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The Minimum a Distributed System Dev Should Know About Certificates

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The Minimum a Distributed System Dev Should Know About Certificates

Certificates are an important part of network security. Read on to find out why they are so important for securing your online traffic.

· Security Zone
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After explaining all the ways that trust can be subverted by DNS, CA, and a random wave to wipe away the writing in the sand, let us get down to the actual details about what matters here.

HTTPS/SSL/TLS, whatever it is called this week, provides confidentially over the wire for the messages you are sending. What it doesn’t provide you is confidentially from knowing who you talked too. This may seem unobvious, at first, because the entire communication is encrypted, so how can a 3rd-party know who I’m talking about?

Well, there are two main ways. It can happen through a DNS query. If you need to go to “http://my-awesome-service,” you need to know what the IP of that is, and, for that, you need to do a DNS query. There are DNS systems that are encrypted, but they aren’t widely deployed and, in general, you can assume that people can listen to your DNS and figure out what you are doing. If you go to “that-bad-place,” it is probably visible in someone’s logs somewhere.

But the other way that someone can know who you are talking to is that you told them so. How did you do that?

Well, let’s consider one of the primary reasons we have HTTPS. A user has to validate that the hostname they used matched the hostname on the certificate. That seems pretty reasonable, right? But that single requirement pretty much invalidates the notion of confidentiality of who I’m talking to.

Consider the following steps:

  • I go to “https://my-awesome-service.”
  • This is resolved to IP address 28.23.155.123
  • I’m starting an SSL connection to that IP, at port 443. Initially, of course, the connection is not encrypted, but I’ve just initiated the SSL connection.

At that point, any outside observer that can listen to the raw network traffic knows what site you have visited. But how can this be? Well, at this point, the server needs to return a reply, and it needs to do that using a certificate.

Let us go with the “secure” option and say that we are simply sending over the wire an “open SSL connection to 28.23.155.123.” What does this tell the listener? Well, since at this point the server doesn’t know what the client wants, it must reply with a certificate. That certificate must be the same for all such connections and the user will abort the connection if the certificate does not match the expected hostname.

What are the implications there? Well, even assuming that I don’t have a database of matching IP addresses to their hostnames (which I would most assuredly do), I can just connect myself to the remote server and get the certificate. At this point, I can just inspect the hostname from the certificate and know what site the user wanted to visit. This is somewhat mitigated by the fact that a certificate may contain multiple hostnames or even wildcards, but even that match gives me quite a lot of information about who you are talking to.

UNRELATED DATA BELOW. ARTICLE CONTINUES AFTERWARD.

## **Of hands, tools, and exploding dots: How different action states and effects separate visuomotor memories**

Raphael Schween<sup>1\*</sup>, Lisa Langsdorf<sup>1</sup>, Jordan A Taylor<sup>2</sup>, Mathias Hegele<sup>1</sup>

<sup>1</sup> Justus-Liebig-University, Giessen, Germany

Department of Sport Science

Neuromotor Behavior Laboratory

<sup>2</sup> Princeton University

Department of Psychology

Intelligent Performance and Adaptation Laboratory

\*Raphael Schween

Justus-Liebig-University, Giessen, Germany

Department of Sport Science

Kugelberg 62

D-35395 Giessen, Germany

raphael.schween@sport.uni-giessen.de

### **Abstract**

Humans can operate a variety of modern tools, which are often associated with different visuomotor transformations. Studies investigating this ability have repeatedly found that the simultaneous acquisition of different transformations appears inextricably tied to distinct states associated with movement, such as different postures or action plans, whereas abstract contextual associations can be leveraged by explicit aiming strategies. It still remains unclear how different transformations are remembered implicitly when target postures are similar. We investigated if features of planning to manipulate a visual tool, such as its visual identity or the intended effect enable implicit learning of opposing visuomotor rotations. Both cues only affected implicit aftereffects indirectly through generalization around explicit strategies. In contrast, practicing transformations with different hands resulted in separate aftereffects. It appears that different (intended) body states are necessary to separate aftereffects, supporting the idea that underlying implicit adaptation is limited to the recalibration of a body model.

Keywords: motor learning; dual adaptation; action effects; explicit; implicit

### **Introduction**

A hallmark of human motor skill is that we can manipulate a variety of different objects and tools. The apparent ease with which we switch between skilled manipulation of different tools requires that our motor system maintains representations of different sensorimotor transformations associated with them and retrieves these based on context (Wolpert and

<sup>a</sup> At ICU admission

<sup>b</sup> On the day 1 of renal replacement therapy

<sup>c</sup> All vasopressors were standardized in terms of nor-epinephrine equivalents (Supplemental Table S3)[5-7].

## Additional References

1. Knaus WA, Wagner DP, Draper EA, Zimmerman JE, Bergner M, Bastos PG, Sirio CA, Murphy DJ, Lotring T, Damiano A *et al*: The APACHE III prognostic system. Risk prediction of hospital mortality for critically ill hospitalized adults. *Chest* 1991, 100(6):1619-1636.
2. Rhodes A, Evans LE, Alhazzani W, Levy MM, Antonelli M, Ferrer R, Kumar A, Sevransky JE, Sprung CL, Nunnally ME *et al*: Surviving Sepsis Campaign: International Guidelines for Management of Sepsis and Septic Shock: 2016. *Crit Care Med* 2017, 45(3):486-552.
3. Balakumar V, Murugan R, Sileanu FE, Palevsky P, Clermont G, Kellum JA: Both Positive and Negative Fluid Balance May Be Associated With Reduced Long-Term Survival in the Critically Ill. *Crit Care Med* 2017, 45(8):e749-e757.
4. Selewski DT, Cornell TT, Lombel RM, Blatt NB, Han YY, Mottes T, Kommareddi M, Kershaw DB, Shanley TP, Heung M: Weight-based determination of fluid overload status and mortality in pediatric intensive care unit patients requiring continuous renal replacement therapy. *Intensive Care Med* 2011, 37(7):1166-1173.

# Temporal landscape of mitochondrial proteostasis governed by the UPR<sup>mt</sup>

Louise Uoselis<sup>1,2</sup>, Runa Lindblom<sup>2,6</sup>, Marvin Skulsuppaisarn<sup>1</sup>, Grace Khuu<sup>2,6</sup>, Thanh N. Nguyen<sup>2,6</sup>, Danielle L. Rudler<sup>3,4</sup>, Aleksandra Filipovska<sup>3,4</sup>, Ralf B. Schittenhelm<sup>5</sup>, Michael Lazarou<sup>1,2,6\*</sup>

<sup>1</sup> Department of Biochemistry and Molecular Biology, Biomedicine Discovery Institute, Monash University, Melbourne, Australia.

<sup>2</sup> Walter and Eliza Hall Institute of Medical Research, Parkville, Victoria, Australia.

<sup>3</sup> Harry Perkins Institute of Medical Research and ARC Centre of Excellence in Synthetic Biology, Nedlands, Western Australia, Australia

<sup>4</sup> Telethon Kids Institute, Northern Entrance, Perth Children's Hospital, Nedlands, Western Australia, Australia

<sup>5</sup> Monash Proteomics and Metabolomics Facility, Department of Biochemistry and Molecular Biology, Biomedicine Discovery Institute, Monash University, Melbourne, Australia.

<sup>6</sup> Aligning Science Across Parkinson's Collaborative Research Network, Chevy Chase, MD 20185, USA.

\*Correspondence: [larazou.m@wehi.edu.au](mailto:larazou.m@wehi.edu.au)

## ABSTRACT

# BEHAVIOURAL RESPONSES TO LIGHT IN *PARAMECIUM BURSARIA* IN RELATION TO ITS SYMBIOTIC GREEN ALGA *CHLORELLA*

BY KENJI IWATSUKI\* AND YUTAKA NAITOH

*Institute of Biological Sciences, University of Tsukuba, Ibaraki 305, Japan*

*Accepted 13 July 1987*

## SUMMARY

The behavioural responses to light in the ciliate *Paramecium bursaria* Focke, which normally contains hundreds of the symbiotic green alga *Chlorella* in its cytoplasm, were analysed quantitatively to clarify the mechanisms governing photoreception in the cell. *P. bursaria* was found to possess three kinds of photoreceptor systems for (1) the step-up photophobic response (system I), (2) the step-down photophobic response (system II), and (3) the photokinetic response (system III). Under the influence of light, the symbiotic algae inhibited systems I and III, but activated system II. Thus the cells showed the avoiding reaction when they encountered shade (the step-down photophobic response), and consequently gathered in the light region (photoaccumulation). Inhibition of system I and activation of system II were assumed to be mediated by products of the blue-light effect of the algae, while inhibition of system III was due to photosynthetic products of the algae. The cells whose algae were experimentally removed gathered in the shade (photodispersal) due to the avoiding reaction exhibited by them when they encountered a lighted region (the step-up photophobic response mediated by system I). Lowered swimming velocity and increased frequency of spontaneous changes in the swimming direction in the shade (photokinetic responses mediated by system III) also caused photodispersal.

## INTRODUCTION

However, not sending who I want to talk to over the initial connection has a huge cost associated with it. If the server doesn’t know who you want, this means that each IP address may serve only a single hostname (otherwise, we may reply with the wrong certificate). Indeed, one of the reasons HTTPS was expensive was this tying of a whole IP address for a single hostname. On the other hand, if we sent the hostname we were interested in, the server would be able to host multiple HTTPS websites on the same machine, and select the right certificate at handshake time.

There are two ways to do that, one is called SNI – Server Name Indication. Which is basically a header in the SSL connection handshake that says what the hostname is. The other is ALPN – Application-Level Protocol Negotiation, which allows you to select how you want to talk to the server. This can be very useful if you want to connect to the server as one client with HTTP and on another using HTTP/2.0. That has totally different semantics, so routing based on ALPN can make things much easier.

At this point, the server can make all sorts of interesting decisions with regards to the connection. For example, based on the SNI field, it may forward the connection to another machine, either as the raw SSL stream or by stripping the SSL and sending the unencrypted data to the final destination. The first case, of forwarding the raw SSL stream is the more interesting scenario because we can do that without having the certificate. We just need to inspect the raw stream header and extract the SNI value, at which point we route that to the right location and send the connection on its merry way.

Find out how Synopsys can help you build security and quality into your SDLC and supply chain. We offer application testing and remediation expertise, guidance for structuring a software security initiative, training, and professional services for a proactive approach to application security.

Topics:
security ,ssl certificate ,network security ,https ,ssl/tls

Published at DZone with permission of Oren Eini, DZone MVB. See the original article here.

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